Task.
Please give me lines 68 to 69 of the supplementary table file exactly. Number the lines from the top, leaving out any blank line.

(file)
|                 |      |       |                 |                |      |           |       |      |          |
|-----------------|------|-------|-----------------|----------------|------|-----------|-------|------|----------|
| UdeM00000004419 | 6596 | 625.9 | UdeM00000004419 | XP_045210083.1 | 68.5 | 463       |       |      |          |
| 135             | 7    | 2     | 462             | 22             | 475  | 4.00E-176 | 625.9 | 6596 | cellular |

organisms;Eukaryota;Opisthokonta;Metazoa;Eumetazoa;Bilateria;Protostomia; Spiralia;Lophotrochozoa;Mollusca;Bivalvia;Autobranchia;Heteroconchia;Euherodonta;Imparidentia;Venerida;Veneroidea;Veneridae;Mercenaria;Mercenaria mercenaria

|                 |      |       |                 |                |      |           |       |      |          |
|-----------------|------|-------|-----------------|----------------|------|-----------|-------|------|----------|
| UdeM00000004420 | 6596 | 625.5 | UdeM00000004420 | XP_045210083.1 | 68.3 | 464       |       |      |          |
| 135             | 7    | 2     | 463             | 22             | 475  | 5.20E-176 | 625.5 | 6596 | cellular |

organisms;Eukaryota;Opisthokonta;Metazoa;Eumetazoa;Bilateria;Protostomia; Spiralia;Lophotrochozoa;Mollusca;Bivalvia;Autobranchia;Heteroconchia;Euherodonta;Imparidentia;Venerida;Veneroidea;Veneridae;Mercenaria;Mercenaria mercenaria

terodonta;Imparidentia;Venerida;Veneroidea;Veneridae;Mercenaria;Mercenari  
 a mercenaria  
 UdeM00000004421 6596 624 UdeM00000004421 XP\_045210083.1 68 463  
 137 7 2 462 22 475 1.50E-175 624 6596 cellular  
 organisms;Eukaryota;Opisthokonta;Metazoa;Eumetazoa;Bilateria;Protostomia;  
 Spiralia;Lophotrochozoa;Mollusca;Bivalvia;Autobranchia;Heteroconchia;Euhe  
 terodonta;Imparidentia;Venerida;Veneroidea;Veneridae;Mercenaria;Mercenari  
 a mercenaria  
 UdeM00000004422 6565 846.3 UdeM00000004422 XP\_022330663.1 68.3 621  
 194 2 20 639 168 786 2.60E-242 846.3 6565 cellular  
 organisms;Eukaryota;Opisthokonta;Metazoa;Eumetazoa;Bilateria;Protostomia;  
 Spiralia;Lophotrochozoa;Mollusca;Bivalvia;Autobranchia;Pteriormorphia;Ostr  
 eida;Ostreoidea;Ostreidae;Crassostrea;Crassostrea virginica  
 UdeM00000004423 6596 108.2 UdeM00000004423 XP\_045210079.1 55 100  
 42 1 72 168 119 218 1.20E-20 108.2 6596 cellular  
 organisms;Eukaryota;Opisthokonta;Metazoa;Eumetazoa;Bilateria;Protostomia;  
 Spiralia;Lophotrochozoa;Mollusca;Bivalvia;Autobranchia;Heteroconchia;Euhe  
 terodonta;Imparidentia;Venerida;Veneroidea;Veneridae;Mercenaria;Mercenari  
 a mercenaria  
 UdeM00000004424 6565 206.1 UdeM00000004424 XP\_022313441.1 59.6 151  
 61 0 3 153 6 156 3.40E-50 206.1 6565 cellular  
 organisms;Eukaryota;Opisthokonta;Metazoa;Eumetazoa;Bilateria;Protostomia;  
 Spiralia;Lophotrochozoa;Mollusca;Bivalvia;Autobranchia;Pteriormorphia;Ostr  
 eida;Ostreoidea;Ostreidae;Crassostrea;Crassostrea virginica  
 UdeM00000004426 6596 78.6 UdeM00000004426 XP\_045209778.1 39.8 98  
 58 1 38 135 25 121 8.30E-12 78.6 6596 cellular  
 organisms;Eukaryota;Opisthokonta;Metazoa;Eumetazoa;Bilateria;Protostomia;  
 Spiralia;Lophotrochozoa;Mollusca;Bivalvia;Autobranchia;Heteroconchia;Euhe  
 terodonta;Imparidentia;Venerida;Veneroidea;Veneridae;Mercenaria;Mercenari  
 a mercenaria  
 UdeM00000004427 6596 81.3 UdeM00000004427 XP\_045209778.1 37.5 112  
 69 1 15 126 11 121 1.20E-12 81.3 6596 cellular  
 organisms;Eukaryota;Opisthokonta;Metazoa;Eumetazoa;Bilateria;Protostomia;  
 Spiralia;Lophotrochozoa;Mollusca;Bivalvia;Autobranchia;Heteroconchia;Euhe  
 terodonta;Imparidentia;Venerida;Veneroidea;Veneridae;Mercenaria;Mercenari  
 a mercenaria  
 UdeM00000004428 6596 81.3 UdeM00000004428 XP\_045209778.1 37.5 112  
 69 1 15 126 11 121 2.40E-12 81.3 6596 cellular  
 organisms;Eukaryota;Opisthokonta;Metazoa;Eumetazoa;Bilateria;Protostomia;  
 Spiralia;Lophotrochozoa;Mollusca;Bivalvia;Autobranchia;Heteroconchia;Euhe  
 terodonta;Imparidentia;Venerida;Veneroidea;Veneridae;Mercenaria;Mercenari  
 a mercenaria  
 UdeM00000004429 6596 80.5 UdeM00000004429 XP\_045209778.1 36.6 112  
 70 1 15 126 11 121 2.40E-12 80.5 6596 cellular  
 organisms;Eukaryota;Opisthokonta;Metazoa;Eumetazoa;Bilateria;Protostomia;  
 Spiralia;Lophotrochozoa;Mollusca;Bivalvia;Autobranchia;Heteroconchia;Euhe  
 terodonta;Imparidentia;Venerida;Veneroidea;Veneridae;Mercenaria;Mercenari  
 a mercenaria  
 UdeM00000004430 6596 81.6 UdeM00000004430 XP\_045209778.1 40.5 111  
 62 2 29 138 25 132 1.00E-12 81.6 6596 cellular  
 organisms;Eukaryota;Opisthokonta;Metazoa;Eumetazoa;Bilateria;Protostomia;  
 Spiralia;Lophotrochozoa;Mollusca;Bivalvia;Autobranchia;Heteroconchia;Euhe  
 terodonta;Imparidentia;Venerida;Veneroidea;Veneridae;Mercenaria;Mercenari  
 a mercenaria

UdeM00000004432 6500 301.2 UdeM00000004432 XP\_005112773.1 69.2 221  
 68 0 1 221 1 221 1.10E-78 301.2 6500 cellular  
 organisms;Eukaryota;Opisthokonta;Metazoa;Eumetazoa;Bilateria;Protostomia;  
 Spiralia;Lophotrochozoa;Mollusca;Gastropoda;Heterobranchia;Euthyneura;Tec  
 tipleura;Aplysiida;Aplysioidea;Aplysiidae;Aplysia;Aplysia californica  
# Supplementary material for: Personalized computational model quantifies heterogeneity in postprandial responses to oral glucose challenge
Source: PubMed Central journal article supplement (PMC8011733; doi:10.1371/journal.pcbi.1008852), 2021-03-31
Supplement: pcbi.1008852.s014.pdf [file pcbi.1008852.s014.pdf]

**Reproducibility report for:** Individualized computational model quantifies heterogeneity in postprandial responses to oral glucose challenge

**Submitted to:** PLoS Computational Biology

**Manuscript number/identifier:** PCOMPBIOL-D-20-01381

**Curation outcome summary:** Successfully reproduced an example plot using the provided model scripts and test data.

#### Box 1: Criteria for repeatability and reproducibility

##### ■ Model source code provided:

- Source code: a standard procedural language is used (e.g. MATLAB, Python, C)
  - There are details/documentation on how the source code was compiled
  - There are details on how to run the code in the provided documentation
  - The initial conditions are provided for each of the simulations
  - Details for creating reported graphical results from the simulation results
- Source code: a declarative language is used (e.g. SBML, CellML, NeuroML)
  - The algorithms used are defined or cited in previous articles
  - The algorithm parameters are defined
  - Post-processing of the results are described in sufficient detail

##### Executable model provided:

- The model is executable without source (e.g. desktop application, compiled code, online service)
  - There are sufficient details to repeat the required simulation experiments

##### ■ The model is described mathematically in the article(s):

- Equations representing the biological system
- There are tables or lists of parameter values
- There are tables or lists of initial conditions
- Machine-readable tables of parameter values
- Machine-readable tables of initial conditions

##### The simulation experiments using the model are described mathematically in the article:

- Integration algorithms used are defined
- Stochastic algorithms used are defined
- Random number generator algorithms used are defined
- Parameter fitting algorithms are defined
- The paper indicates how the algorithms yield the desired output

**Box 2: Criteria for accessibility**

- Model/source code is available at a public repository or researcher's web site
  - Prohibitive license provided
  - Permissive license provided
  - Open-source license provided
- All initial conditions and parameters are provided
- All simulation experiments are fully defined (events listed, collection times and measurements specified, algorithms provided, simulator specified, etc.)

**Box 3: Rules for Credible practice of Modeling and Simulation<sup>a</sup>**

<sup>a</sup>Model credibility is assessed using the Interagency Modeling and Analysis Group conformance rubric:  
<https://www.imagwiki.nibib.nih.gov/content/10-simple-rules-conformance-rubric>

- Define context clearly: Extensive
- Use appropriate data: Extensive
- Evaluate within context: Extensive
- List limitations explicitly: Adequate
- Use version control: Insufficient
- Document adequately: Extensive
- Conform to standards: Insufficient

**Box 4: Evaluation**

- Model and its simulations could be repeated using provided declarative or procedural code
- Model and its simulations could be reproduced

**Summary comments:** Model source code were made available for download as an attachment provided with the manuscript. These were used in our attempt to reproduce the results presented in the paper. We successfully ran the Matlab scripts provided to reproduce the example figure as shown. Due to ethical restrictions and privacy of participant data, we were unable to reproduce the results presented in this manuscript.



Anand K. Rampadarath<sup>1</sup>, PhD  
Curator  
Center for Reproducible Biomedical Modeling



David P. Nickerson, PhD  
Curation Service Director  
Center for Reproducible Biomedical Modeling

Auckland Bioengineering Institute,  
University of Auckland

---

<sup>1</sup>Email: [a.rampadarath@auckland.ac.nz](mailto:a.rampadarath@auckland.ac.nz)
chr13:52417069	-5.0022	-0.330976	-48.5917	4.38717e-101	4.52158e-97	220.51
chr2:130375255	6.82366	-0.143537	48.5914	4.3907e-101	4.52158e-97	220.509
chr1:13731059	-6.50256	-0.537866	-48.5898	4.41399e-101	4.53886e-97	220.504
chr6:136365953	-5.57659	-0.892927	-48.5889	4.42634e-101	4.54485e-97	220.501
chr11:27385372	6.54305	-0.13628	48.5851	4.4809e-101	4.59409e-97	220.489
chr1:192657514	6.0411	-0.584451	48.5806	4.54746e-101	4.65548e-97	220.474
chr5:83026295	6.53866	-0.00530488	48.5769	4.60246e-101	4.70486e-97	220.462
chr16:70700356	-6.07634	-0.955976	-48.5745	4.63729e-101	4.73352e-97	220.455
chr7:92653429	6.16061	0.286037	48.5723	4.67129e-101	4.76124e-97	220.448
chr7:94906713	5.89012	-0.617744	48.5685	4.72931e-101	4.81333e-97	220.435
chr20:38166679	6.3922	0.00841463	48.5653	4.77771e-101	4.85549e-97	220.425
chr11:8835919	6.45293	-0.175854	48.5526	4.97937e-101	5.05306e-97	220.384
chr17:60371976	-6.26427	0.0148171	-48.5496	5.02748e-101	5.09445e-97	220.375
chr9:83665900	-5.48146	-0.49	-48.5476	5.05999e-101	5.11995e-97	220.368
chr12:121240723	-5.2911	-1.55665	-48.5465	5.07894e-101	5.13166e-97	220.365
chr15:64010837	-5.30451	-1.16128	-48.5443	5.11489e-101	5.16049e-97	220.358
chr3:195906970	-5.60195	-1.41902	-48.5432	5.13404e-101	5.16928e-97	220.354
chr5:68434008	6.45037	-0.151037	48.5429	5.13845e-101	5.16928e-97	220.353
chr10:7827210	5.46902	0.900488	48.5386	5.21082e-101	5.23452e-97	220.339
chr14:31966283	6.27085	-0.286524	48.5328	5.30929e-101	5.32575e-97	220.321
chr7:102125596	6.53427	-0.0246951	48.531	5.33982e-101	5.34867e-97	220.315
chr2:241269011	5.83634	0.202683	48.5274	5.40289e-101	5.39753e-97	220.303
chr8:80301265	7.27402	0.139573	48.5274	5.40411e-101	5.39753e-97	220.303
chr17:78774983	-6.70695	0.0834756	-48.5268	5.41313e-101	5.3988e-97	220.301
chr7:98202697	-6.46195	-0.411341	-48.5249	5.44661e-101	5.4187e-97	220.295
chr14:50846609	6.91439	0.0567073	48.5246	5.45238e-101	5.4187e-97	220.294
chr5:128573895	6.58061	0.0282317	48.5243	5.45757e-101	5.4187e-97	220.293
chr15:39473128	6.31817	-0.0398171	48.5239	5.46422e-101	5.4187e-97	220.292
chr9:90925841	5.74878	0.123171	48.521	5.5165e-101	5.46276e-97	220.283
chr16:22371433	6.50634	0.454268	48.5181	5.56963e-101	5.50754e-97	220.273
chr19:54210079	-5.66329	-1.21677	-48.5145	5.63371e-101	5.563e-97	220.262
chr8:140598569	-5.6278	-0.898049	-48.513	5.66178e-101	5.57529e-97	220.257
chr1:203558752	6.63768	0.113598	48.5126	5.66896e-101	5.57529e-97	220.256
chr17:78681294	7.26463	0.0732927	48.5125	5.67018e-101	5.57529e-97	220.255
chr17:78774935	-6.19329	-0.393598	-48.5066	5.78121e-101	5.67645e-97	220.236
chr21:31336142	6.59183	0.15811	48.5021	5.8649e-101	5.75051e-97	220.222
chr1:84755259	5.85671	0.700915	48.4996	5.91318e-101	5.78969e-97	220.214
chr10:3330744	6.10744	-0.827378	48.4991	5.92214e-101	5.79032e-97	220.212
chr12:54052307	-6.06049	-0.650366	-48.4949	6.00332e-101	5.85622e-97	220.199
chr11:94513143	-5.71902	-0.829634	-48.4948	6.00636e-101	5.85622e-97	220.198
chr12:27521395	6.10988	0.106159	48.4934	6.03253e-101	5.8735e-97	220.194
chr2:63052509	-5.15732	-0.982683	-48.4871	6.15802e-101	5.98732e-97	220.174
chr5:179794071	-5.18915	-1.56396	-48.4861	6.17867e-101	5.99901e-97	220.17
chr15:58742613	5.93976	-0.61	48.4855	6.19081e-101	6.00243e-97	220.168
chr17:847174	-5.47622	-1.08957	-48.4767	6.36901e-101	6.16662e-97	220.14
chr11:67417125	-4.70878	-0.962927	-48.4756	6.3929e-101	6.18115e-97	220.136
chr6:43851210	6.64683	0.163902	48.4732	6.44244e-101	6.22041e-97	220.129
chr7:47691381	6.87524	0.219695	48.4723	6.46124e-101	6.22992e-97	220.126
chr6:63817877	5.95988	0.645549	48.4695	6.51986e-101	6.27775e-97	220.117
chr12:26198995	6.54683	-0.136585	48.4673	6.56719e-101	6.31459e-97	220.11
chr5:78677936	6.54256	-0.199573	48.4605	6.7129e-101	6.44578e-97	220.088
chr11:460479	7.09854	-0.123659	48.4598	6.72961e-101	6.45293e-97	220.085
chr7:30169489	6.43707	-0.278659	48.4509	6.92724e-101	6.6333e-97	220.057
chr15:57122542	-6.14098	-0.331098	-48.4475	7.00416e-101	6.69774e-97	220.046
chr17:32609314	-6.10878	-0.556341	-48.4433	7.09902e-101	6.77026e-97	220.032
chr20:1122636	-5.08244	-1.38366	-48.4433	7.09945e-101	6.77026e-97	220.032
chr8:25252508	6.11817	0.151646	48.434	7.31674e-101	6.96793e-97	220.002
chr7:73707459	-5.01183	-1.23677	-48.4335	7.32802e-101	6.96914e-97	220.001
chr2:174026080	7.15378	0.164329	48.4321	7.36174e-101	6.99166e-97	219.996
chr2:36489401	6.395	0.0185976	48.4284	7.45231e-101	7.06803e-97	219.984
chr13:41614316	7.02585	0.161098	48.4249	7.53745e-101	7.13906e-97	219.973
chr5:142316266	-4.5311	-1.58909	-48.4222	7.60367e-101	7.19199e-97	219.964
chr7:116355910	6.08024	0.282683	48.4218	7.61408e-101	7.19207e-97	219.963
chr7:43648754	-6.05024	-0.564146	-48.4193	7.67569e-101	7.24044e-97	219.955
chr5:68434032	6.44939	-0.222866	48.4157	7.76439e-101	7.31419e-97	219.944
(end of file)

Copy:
 Spiralia;Lophotrochozoa;Mollusca;Gastropoda;Heterobranchia;Euthyneura;Tec  
 tipleura;Aplysiida;Aplysioidea;Aplysiidae;Aplysia;Aplysia californica  